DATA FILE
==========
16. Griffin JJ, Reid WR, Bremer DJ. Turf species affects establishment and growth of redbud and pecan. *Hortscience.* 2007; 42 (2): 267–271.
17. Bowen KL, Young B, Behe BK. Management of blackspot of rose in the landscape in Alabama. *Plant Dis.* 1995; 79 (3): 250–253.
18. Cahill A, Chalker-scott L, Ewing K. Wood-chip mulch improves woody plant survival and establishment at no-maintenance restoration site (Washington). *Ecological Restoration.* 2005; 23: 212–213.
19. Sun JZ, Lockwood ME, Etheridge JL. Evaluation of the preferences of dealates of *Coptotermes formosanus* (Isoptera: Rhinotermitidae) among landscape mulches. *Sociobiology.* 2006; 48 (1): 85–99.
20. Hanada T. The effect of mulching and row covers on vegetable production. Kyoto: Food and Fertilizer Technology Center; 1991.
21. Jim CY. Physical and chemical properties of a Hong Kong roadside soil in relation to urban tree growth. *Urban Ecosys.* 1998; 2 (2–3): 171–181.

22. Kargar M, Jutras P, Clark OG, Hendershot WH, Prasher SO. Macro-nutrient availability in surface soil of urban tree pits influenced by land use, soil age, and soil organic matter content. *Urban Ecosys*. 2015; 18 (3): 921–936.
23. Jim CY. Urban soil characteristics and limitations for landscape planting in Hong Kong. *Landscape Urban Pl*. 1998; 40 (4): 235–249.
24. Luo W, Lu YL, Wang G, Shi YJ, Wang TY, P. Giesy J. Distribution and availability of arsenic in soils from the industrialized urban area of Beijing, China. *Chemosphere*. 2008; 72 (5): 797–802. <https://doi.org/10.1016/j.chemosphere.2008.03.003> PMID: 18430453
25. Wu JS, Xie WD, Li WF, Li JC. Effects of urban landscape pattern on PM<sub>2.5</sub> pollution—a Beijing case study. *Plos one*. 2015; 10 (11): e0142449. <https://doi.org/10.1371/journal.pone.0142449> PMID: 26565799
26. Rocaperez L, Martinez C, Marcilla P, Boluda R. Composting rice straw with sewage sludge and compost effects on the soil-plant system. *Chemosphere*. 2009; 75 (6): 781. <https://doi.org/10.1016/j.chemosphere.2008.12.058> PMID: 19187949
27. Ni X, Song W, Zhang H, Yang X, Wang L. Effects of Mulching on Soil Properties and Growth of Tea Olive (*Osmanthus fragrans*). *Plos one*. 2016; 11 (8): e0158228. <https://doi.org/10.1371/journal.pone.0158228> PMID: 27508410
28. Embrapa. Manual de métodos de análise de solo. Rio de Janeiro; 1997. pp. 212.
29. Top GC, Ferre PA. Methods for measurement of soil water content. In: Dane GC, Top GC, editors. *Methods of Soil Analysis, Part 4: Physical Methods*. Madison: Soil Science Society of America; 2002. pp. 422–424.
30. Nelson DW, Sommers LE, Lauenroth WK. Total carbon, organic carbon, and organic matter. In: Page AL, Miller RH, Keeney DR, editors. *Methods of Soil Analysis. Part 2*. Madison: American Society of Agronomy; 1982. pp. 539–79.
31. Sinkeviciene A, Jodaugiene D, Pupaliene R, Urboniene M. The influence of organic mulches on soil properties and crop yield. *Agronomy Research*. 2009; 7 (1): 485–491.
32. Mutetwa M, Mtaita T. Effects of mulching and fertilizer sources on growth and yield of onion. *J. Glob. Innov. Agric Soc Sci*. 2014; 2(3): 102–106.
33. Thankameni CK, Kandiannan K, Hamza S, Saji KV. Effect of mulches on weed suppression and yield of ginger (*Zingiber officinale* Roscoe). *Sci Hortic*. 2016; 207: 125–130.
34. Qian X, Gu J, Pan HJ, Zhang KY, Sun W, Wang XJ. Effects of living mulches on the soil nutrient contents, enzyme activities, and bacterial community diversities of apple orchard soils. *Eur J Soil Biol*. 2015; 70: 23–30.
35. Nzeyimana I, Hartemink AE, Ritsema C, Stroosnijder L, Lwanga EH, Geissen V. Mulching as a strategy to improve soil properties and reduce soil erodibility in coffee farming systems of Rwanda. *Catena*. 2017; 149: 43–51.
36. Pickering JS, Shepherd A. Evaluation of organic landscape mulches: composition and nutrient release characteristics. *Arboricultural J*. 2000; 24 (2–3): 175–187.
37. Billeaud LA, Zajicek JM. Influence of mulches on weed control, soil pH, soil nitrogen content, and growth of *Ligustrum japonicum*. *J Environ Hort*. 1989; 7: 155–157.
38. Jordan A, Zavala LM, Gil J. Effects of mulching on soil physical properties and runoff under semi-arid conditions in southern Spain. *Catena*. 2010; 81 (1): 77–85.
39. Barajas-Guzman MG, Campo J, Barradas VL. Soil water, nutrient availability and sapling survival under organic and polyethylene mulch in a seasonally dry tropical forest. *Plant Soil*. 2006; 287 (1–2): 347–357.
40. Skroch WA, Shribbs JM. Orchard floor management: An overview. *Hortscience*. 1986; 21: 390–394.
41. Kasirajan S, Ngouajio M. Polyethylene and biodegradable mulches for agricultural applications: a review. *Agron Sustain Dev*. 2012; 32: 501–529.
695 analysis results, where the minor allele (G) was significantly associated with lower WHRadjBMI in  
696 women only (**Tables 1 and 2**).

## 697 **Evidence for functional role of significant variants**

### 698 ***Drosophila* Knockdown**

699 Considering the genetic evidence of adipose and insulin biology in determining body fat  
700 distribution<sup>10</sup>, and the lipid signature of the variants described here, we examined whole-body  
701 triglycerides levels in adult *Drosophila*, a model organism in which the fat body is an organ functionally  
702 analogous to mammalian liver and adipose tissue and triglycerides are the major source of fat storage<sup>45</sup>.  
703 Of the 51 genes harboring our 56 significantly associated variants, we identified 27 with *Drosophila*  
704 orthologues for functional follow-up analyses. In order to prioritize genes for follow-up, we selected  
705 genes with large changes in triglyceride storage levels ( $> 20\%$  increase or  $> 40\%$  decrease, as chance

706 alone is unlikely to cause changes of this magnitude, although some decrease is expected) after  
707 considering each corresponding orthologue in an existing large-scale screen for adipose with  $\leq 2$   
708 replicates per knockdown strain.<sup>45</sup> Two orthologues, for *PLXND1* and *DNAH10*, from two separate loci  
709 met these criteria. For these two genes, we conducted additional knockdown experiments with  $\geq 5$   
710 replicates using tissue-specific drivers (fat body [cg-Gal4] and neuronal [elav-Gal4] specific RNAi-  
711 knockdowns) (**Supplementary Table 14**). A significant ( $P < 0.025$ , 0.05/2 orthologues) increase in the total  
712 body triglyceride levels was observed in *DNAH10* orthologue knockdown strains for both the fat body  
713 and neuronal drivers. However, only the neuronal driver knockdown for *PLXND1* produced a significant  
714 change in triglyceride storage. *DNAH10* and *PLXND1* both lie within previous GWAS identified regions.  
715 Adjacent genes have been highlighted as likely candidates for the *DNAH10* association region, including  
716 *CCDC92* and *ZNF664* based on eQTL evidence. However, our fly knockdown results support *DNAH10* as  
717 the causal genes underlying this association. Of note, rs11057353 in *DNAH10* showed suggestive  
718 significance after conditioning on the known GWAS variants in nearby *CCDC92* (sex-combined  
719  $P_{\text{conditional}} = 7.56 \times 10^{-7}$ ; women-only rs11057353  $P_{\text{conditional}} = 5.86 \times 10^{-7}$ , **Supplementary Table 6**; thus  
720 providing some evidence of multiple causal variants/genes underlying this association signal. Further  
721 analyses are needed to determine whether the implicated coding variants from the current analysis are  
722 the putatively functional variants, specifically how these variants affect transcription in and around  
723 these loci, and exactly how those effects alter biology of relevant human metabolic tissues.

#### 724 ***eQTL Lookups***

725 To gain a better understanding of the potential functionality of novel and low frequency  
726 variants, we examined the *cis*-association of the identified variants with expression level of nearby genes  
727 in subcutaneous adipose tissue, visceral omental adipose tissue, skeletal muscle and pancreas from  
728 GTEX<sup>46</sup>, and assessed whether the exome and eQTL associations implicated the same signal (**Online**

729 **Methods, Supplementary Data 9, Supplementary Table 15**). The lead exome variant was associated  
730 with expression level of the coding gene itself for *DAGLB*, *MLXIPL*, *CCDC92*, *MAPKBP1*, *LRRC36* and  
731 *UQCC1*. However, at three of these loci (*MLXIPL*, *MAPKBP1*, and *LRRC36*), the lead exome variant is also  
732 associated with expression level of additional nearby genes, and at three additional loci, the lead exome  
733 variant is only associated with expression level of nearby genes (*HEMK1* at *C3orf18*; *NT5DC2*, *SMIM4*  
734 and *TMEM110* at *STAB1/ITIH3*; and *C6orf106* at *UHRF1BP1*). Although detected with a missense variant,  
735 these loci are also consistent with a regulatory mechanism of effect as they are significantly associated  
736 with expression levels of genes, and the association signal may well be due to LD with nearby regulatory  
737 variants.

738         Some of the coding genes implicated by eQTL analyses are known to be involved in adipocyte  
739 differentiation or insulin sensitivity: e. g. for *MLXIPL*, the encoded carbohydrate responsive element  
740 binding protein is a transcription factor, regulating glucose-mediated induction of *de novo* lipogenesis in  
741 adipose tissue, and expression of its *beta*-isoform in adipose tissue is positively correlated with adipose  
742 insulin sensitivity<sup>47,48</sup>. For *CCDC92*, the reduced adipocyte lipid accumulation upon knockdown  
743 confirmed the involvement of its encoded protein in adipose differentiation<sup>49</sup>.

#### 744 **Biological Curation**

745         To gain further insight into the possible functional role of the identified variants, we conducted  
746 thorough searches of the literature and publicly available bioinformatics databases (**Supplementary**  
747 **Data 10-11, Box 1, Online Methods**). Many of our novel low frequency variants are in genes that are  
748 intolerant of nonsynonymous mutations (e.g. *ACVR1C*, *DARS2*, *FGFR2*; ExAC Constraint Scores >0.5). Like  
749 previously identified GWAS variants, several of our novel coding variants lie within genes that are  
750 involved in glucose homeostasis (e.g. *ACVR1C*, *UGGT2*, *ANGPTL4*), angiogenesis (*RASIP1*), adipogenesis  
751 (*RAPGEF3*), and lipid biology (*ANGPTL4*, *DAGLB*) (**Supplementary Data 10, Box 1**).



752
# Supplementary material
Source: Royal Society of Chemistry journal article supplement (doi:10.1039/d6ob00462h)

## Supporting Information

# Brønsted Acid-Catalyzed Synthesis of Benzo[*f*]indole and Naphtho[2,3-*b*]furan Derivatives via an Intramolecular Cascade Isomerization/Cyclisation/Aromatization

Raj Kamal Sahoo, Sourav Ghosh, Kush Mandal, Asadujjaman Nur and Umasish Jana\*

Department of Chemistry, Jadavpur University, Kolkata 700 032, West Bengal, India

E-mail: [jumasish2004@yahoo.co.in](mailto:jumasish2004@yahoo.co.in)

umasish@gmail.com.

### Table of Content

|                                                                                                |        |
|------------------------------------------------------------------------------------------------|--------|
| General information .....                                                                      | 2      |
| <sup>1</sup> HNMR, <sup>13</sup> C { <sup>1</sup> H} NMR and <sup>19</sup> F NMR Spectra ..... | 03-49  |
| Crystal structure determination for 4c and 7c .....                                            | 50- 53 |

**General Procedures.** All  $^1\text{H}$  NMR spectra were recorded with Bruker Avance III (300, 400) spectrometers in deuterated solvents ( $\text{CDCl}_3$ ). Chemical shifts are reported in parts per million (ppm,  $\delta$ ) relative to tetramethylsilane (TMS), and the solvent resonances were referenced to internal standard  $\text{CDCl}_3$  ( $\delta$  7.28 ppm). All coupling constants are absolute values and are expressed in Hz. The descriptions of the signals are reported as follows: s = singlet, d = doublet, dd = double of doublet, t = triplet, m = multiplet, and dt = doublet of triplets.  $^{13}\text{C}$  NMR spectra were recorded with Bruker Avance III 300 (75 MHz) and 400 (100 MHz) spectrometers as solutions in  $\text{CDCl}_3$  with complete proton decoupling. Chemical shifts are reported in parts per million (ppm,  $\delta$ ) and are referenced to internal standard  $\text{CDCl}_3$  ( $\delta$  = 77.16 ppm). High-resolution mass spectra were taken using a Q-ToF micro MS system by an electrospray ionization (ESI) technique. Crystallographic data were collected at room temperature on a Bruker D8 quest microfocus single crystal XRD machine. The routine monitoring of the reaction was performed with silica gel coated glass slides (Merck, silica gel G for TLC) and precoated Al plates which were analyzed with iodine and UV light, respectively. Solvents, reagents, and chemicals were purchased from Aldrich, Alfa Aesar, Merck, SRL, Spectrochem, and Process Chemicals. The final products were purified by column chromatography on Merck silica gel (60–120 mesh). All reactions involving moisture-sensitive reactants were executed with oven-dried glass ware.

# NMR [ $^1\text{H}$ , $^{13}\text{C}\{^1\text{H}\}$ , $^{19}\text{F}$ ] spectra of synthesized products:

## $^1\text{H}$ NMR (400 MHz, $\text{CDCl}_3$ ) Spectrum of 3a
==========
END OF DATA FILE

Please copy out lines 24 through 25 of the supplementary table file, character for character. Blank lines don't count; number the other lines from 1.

39. Barajas-Guzman MG, Campo J, Barradas VL. Soil water, nutrient availability and sapling survival under organic and polyethylene mulch in a seasonally dry tropical forest. *Plant Soil*. 2006; 287 (1–2): 347–357.
40. Skroch WA, Shribbs JM. Orchard floor management: An overview. *Hortscience*. 1986; 21: 390–394.